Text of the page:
In answer to this objection, which is the chief one offered by "Veritas" for the benefit of the public, I beg leave to present you with an extract from a private letter received a few days ago from Col. Baldwin. It is as follows:
"As to my politics, I doubt if there is a man in the whole South who goes further for States Rights or strict construction than I do. I did not do so under the United States Government, because its history was very different, and its policy different. But I am what is called an individualist, and, as such, am opposed to the exercise of authority and power by any Government beyond the absolute necessity of its own preservation."
From this extract it will be seen that whatever may have been Col. Baldwin's peculiar notions in regard to the theory of the United States Government, he is, under our new one, as sound as any man in the South, and that holding such views in regard to it, it would be quite as impossible for him to exert a dangerous influence in the Confederate Councils as it would be for "Veritas" himself, who, judging from the tenor of his article, was doubtless among the first to resist Federal encroachments upon the rights of the States.
October 15, 1861--1t.
Trailer: IslemanA Card
(Column 5)Summary: The writer, a soldier who had been stationed in Staunton, defends the hospital from charges of misuse of donated goods.
Trailer: C. C. OteyThe Congressional Election
(Column 6)Summary: Letter accuses John Baldwin of having Union sympathies due to his cautious approach to secession before the war. Article accuses Baldwin of being a Hamiltonian on governmental matters. The writer endorses Kenton Harper for Congress.
(Names in announcement: Col. John Baldwin, Col. Kenton Harper)Origin of Article: Rockingham RegisterFull Text of Article:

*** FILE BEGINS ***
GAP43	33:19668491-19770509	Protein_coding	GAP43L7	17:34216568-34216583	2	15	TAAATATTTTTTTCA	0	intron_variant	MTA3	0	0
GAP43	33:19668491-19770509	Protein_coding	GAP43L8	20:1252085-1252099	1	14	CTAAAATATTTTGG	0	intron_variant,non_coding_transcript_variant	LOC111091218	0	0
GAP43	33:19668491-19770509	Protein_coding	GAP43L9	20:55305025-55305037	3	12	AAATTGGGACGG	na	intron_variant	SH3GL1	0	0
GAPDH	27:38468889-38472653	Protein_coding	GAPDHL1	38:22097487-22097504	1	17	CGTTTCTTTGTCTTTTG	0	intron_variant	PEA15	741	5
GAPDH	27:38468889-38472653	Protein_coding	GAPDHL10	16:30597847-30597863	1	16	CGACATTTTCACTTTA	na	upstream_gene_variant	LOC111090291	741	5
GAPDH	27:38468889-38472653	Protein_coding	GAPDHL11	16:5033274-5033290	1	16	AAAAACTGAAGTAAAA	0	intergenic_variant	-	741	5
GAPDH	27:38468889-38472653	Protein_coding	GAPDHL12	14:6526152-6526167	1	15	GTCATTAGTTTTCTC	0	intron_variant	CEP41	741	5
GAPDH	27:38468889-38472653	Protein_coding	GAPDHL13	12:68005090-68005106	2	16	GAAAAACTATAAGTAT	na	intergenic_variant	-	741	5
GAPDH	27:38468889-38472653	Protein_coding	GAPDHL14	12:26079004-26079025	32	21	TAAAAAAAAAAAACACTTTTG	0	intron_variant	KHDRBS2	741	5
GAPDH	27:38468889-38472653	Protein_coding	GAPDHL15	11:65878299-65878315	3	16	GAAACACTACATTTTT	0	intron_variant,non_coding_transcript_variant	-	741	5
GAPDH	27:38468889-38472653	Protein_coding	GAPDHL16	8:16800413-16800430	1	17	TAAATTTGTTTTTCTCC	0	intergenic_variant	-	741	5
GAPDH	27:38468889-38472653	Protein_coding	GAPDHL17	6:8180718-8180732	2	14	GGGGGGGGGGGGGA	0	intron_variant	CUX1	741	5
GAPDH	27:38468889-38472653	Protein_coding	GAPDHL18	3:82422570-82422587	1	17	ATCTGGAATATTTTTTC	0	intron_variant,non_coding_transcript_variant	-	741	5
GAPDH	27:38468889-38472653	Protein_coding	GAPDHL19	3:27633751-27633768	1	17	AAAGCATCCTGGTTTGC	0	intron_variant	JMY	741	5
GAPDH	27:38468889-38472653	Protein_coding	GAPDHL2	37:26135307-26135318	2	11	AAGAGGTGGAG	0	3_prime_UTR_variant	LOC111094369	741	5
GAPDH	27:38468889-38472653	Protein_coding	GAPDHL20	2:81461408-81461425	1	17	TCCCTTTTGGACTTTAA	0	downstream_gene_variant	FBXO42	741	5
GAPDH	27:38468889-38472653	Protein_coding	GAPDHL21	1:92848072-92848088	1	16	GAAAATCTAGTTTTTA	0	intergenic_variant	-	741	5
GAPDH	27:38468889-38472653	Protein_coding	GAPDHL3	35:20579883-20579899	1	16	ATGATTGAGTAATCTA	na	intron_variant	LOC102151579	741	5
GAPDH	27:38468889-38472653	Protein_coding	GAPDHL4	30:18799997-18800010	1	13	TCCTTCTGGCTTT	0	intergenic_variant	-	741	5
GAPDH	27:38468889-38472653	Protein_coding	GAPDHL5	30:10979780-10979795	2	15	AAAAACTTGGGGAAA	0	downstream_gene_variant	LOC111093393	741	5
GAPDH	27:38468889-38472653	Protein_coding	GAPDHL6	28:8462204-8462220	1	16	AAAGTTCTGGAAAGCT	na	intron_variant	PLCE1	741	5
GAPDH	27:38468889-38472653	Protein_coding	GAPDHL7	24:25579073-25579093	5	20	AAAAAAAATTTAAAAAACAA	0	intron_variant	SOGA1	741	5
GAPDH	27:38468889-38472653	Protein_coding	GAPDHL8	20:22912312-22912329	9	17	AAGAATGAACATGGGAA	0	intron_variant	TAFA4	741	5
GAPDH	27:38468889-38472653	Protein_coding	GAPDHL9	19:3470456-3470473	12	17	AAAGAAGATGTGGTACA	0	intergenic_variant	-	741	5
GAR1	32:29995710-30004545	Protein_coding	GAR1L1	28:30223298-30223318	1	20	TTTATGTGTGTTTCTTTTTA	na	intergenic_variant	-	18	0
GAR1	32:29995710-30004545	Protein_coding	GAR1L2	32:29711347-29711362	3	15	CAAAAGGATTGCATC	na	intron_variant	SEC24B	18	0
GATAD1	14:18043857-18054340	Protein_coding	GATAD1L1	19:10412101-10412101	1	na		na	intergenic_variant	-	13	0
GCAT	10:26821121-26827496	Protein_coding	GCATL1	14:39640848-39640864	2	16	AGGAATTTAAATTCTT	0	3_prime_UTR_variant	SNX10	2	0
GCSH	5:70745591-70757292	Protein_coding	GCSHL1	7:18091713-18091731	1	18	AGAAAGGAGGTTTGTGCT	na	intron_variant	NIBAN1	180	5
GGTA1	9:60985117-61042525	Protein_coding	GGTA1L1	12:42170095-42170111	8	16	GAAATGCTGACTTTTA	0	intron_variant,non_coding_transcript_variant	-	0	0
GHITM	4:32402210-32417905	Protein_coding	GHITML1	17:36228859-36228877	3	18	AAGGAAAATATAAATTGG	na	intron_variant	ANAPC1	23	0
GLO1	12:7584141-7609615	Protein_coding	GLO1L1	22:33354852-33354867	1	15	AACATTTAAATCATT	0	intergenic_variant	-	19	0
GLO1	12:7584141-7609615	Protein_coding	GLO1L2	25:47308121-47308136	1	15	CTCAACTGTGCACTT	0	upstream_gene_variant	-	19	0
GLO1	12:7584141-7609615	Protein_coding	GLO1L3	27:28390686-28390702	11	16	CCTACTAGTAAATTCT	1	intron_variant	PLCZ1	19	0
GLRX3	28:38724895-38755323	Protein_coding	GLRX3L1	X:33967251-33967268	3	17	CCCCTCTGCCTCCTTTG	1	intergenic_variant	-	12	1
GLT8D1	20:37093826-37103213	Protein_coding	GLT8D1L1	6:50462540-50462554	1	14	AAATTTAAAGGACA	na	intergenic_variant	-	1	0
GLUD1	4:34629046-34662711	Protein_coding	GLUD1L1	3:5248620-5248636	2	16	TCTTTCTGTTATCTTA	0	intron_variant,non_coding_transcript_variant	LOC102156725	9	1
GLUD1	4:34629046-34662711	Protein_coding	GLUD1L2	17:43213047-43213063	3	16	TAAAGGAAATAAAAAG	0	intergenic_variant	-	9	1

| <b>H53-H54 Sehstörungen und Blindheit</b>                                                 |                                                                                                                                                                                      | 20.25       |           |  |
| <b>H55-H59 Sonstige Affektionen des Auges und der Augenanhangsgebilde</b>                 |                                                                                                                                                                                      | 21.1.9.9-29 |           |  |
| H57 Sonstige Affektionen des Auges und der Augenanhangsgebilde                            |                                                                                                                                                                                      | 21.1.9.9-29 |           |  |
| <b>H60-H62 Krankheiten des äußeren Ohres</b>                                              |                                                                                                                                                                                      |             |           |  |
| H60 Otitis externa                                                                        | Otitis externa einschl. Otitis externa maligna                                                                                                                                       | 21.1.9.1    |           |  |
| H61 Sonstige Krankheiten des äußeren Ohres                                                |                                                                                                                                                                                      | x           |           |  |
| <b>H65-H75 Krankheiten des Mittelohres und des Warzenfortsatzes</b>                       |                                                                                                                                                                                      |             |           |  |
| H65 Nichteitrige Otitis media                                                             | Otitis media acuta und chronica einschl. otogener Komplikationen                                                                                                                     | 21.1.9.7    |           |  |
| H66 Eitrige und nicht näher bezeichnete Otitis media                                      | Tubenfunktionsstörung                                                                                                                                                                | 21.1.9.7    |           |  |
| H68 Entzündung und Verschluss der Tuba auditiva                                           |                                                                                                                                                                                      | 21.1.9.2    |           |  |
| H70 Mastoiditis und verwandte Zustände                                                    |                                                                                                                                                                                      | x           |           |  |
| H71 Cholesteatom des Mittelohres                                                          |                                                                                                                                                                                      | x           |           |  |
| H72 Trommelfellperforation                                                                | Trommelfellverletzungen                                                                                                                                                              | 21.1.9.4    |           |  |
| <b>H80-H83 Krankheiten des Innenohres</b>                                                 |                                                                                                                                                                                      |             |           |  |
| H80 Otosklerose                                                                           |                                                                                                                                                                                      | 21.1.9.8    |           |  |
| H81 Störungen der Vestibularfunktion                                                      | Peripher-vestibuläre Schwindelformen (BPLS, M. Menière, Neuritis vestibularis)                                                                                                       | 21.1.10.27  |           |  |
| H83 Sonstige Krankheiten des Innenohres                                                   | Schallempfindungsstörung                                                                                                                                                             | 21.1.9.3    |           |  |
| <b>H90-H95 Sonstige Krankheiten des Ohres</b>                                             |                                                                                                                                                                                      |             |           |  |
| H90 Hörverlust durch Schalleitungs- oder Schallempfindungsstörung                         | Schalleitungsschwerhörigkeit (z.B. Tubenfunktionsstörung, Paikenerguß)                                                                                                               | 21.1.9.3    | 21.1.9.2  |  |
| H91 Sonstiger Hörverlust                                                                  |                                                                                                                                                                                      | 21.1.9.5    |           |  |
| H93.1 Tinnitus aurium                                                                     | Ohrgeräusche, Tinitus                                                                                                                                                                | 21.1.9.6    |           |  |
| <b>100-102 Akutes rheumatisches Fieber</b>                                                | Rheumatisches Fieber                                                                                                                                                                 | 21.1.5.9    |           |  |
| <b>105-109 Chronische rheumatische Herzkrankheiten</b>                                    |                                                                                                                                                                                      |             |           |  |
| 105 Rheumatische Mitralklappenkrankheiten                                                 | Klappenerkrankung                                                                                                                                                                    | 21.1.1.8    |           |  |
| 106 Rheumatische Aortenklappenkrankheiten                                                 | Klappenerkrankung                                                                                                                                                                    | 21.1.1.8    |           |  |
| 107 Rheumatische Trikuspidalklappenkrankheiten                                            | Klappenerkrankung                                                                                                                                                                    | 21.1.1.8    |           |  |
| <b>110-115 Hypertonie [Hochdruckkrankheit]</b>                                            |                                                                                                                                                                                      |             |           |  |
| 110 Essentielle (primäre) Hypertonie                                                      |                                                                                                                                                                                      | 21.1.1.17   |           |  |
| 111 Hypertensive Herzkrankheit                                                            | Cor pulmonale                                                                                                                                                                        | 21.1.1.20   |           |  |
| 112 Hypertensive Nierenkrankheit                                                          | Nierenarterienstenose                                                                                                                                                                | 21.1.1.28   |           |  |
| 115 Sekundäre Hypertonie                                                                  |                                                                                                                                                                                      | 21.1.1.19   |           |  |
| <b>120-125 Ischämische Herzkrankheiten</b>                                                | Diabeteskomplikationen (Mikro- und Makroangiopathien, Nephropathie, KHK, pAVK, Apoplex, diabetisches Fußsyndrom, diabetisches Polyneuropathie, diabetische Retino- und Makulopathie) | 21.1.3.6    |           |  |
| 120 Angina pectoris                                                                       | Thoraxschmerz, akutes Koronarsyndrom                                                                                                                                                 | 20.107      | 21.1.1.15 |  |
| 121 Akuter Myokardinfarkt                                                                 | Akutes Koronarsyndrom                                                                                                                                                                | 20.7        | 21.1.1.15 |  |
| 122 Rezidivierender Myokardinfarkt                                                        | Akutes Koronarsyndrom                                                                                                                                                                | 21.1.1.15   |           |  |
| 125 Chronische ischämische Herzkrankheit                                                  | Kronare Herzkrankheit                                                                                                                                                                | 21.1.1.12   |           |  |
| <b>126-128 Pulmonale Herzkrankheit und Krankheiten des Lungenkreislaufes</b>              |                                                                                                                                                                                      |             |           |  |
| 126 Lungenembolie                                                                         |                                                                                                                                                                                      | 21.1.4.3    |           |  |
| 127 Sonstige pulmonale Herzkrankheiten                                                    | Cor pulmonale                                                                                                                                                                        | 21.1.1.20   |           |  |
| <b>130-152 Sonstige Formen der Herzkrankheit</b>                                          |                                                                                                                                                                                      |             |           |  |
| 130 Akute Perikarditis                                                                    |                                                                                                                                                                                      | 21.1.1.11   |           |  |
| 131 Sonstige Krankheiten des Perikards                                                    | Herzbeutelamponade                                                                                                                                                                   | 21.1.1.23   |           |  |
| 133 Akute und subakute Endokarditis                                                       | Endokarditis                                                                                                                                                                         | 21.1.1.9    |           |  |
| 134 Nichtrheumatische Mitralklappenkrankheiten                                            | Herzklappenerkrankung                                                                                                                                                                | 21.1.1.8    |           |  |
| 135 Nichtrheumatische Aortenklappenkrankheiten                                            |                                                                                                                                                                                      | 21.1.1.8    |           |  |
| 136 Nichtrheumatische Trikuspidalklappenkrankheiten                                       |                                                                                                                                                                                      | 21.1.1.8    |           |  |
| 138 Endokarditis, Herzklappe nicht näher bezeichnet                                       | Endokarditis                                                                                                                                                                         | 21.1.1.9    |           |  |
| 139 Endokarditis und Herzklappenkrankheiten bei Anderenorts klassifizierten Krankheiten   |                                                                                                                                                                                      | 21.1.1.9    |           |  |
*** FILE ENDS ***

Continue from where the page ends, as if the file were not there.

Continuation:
This Congressional District.
MESSRS EDITORS: I observe in the last number of the Staunton Spectator the announcement of two candidates for Congress, viz.: Col. John B. Baldwin and Col. Kenton Harper, both of Augusta county. It was the wish, I believe, of the voters of the entire District, that the present able and distinguished representative, Judge Brockenbrough, should continue to represent the District in a position which he has filled with such marked success and dignity; but as he has, I understand, peremptorily declined the use of his name in that connection, it is very apparent to the most superficial thinker that, as between the two candidates announced, Col. Harper should, without hesitation, be chosen. The objections to Col. Baldwin are numerous and insuperable. While admiration for his pure private character and intellectual endowments cannot be withheld, yet his political sentiments are so obnoxious, and if carried into effect, would be so destructive of the spirits, the interest and the object of our Confederacy, that no loyal citizen of the District can, for a moment, think of supporting him. The war that is now convulsing the country and spreading dismay through the land, is the resistance of the people to an encroachment upon their rights by Federal Power--State Rights against Federal usurpation and tyranny--the political doctrine of Jefferson against that of Alexander Hamilton. Col B. is a dangerous man, because his sympathies are with the Hamiltonian school of politicians. He does not believe in the principles of government which lie at the foundation of the Southern Confederacy and for which our brave armies are now breasting the storm of death that sweeps over the battle field. Bold, talented and brave, he would bring to the support of his dangerous political sentiments, if a seat in Congress were assigned him, an array of influences that might well make the sternest of us shudder for the successful initiation of our new government. It is fresh in the minds of the people how he brought the powerful energies of his great intellect to bear against the progress of the South, in the State Convention; how he dared and defied public sentiment and the rights of the South by his outrageous vote to retain in his seat the infamous Carlile, while that miscreant was plotting treason to devastate and flood with ruin, disgrace and blood the old Commonwealth--to fasten upon us the yoke of Northern oppression and vassalage. It is scarcely necessary, however, to more than direct attention to the political record of Col. Baldwin, for the people to recall his many acts of hostility to the true interests of the government of which Virginia is now a part. We are satisfied that the loyal voters of this District will never endorse that record by elevating him to a position where he could exert such a direful influence against the prosperity of the Confederate States of America.